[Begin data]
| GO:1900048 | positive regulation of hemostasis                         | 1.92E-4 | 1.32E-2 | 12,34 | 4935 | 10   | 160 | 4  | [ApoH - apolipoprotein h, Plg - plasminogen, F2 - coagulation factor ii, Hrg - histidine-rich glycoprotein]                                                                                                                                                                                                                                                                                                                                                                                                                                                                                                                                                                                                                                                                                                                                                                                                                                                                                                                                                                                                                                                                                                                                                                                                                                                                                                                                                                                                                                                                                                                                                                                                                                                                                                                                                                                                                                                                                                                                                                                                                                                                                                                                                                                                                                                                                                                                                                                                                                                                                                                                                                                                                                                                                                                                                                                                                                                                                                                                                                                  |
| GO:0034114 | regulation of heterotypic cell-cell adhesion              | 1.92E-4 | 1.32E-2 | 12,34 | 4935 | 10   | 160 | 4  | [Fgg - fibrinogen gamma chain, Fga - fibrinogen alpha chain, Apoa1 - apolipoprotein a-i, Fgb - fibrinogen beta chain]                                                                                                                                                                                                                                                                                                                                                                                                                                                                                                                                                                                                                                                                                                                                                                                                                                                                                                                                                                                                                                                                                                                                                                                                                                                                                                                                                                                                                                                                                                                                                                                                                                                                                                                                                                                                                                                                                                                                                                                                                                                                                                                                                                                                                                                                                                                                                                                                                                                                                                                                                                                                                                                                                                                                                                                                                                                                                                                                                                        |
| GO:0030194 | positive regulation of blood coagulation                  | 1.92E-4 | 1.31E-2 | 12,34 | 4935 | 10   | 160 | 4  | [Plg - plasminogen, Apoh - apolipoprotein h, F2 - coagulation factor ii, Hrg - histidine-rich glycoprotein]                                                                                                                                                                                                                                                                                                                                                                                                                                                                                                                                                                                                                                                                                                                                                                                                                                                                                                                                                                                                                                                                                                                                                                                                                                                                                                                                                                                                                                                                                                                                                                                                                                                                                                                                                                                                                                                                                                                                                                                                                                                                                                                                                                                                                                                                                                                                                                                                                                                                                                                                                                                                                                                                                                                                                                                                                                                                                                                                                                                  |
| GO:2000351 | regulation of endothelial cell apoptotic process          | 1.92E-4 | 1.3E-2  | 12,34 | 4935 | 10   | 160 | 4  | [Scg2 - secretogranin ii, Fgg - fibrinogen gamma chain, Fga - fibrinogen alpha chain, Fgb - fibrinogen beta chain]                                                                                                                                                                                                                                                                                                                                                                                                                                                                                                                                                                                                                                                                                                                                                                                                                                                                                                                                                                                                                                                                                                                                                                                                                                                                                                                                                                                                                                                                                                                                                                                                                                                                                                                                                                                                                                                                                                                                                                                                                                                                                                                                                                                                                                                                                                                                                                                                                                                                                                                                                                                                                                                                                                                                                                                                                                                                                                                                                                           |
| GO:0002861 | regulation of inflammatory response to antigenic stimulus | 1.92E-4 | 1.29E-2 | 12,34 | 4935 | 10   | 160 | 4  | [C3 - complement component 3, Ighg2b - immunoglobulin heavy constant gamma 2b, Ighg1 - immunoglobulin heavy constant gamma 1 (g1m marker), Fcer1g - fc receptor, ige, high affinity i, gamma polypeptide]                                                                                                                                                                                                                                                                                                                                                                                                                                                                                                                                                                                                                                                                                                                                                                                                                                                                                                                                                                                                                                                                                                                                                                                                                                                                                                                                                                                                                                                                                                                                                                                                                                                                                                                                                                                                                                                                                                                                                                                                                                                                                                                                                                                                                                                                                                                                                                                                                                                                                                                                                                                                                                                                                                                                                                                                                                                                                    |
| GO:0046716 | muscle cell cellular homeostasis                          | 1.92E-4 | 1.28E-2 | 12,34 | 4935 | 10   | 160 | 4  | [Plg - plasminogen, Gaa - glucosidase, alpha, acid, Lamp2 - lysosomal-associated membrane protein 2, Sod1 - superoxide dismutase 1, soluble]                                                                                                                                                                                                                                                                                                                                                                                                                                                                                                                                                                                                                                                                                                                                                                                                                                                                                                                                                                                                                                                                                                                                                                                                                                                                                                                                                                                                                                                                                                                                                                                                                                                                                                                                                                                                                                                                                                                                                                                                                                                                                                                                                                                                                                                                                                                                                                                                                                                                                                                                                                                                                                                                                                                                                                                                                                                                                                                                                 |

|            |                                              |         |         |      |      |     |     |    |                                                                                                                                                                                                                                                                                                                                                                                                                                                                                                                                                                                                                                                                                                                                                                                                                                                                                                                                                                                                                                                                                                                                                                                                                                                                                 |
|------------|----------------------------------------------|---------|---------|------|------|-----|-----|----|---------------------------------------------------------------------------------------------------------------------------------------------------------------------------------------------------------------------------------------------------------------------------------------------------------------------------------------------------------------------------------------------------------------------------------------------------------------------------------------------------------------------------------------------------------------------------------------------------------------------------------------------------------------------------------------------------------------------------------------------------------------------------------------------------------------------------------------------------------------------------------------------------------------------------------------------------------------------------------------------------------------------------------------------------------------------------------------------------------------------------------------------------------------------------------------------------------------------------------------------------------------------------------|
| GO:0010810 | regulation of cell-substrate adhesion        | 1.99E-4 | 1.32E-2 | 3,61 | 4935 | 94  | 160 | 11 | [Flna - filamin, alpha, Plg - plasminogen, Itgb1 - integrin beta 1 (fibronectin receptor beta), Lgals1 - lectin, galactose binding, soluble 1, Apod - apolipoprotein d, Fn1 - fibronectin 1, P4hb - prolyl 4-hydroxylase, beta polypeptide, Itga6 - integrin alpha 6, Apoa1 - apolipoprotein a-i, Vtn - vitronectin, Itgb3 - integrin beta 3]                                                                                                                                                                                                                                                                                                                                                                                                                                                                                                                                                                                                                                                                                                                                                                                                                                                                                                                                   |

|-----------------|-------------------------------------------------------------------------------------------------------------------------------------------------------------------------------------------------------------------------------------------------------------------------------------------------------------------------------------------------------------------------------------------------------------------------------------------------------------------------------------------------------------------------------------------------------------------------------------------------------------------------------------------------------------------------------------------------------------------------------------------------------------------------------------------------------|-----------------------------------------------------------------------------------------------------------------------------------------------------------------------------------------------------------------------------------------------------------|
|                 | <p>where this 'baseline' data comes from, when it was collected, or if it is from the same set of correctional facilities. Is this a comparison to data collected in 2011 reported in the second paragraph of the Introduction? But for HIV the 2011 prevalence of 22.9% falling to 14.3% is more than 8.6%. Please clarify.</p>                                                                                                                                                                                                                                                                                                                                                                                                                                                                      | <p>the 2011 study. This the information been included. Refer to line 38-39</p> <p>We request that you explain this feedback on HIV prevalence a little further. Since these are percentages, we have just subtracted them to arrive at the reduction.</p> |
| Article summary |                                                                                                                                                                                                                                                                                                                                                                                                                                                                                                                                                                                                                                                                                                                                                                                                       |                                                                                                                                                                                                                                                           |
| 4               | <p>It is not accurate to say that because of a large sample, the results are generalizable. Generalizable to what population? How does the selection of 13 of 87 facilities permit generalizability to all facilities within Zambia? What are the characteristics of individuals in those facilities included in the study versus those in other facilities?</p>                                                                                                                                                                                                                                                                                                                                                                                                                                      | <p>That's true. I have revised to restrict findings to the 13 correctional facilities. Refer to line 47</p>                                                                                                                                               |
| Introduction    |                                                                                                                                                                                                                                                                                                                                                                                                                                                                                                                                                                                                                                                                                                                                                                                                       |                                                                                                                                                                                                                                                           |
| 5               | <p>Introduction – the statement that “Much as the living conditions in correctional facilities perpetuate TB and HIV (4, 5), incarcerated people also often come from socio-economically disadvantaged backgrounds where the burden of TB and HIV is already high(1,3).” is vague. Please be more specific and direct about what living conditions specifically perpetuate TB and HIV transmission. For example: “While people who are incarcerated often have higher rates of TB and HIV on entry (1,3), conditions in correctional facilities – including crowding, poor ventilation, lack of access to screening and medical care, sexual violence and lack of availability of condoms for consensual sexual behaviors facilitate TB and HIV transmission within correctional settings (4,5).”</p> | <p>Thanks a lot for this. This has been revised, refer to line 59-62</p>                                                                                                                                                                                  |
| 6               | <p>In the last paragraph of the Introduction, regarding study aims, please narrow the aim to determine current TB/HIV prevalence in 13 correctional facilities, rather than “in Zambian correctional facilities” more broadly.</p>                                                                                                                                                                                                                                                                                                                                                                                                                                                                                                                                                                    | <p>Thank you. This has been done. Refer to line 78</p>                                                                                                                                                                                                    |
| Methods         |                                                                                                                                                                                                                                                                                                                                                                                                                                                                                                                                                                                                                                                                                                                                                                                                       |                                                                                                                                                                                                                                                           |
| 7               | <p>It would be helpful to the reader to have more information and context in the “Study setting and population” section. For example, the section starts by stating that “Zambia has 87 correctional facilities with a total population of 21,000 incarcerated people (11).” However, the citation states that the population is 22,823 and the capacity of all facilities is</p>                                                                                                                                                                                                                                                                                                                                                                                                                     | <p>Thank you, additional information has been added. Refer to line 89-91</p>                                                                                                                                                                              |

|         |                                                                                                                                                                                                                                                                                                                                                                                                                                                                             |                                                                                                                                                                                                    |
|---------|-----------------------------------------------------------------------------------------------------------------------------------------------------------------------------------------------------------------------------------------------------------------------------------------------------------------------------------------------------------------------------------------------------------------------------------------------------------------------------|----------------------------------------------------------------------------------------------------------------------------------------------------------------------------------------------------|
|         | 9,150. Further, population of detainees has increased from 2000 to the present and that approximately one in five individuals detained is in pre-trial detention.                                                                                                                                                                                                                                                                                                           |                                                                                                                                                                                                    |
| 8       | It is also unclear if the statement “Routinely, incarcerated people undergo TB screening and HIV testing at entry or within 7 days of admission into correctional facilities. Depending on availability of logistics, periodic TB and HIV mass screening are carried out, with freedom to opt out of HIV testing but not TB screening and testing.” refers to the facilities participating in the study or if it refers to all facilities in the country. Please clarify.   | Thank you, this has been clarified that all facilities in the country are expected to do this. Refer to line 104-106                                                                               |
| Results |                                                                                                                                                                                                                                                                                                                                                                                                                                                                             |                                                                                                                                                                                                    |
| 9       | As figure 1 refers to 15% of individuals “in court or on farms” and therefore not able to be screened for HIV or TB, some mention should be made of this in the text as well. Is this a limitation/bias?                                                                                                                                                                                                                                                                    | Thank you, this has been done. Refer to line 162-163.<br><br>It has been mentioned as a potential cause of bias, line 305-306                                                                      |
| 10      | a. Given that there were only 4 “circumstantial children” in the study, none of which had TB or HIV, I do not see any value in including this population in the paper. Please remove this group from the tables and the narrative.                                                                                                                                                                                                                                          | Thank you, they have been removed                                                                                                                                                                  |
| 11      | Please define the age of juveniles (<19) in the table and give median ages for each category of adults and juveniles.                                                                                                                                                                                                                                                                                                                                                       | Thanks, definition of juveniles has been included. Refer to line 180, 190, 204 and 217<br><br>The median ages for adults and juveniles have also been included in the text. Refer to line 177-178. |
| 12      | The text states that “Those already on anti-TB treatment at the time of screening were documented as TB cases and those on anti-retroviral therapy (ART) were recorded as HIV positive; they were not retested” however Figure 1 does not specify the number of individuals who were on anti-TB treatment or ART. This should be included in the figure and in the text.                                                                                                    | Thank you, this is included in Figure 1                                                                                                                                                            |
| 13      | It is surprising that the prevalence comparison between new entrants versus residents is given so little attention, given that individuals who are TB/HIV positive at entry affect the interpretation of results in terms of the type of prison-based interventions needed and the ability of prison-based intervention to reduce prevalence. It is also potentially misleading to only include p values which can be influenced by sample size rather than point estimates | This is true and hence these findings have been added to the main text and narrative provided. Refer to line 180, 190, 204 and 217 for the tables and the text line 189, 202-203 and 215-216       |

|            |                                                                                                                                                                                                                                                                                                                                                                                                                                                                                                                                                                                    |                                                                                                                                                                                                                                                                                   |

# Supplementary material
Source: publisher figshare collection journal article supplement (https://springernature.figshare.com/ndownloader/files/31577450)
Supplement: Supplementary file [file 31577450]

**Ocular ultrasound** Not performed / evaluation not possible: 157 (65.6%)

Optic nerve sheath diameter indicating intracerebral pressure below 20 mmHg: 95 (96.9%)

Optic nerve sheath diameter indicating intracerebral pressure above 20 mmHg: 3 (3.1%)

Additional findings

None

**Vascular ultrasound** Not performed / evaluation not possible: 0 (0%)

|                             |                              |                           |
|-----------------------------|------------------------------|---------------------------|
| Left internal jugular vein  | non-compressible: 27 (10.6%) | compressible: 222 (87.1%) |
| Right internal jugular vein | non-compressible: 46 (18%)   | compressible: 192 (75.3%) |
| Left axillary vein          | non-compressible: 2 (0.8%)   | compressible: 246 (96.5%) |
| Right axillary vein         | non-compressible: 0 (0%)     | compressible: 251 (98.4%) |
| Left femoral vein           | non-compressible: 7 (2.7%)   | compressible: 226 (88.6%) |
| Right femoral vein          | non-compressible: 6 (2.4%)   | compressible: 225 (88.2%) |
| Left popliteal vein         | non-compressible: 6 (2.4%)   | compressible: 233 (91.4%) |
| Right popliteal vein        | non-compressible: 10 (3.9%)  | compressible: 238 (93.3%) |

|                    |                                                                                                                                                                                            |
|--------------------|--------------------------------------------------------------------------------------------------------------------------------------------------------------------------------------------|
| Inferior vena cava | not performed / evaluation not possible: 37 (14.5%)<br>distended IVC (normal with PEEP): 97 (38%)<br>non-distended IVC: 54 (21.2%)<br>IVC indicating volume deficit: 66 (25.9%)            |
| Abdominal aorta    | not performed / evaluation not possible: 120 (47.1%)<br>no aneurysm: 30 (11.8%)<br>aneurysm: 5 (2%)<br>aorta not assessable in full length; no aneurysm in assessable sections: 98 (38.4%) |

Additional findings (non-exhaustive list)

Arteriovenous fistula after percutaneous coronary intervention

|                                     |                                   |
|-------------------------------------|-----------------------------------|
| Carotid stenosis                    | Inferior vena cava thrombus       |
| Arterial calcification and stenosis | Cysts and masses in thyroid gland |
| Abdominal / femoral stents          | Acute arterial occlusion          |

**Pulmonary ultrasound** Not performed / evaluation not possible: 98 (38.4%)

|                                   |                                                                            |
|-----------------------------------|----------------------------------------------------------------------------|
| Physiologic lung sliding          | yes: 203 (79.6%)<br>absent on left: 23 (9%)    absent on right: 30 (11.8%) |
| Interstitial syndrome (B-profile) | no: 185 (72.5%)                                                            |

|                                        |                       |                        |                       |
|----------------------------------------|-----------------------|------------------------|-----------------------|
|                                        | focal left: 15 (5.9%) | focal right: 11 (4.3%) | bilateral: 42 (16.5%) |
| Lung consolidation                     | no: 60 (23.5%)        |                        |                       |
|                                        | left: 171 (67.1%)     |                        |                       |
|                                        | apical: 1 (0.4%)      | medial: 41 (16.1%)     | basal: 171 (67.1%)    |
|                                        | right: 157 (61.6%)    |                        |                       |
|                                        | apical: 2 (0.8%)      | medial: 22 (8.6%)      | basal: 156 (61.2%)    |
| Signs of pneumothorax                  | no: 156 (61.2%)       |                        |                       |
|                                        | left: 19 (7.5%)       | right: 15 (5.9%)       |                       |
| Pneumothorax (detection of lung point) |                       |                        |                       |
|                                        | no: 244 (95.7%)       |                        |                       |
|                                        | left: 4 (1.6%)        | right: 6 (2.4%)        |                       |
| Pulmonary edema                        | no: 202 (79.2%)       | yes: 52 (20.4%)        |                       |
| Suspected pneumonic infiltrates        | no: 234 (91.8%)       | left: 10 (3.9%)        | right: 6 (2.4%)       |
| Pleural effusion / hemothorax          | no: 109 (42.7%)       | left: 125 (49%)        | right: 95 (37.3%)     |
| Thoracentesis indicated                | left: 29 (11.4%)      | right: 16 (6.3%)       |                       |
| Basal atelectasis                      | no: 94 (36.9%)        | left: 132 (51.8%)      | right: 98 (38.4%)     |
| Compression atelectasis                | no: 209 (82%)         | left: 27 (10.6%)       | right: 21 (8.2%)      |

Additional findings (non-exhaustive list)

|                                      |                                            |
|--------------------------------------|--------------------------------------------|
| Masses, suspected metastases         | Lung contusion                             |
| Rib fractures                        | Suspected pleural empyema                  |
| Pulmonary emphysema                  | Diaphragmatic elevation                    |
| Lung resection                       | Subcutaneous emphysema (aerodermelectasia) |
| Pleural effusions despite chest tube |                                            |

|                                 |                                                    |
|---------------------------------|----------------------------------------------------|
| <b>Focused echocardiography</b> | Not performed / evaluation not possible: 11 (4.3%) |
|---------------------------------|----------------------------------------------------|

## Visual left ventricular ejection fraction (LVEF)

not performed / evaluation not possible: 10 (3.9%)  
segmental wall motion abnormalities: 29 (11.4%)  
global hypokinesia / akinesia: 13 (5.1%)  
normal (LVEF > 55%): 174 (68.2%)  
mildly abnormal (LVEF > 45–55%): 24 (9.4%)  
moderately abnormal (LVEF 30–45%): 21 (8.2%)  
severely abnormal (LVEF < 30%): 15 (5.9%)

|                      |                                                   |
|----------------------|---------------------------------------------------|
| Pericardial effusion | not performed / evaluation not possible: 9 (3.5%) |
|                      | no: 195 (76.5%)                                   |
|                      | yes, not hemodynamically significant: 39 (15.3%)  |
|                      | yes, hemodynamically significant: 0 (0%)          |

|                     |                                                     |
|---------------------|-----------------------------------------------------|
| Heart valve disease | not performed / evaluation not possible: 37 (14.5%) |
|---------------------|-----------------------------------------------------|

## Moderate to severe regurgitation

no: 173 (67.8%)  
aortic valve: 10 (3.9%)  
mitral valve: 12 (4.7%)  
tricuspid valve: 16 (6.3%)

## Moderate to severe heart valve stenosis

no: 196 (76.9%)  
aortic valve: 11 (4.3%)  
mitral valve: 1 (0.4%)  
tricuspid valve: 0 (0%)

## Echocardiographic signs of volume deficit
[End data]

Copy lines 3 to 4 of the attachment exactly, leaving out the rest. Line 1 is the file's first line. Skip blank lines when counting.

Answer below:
| GO:0030194 | positive regulation of blood coagulation                  | 1.92E-4 | 1.31E-2 | 12,34 | 4935 | 10   | 160 | 4  | [Plg - plasminogen, Apoh - apolipoprotein h, F2 - coagulation factor ii, Hrg - histidine-rich glycoprotein]                                                                                                                                                                                                                                                                                                                                                                                                                                                                                                                                                                                                                                                                                                                                                                                                                                                                                                                                                                                                                                                                                                                                                                                                                                                                                                                                                                                                                                                                                                                                                                                                                                                                                                                                                                                                                                                                                                                                                                                                                                                                                                                                                                                                                                                                                                                                                                                                                                                                                                                                                                                                                                                                                                                                                                                                                                                                                                                                                                                  |
| GO:2000351 | regulation of endothelial cell apoptotic process          | 1.92E-4 | 1.3E-2  | 12,34 | 4935 | 10   | 160 | 4  | [Scg2 - secretogranin ii, Fgg - fibrinogen gamma chain, Fga - fibrinogen alpha chain, Fgb - fibrinogen beta chain]                                                                                                                                                                                                                                                                                                                                                                                                                                                                                                                                                                                                                                                                                                                                                                                                                                                                                                                                                                                                                                                                                                                                                                                                                                                                                                                                                                                                                                                                                                                                                                                                                                                                                                                                                                                                                                                                                                                                                                                                                                                                                                                                                                                                                                                                                                                                                                                                                                                                                                                                                                                                                                                                                                                                                                                                                                                                                                                                                                           |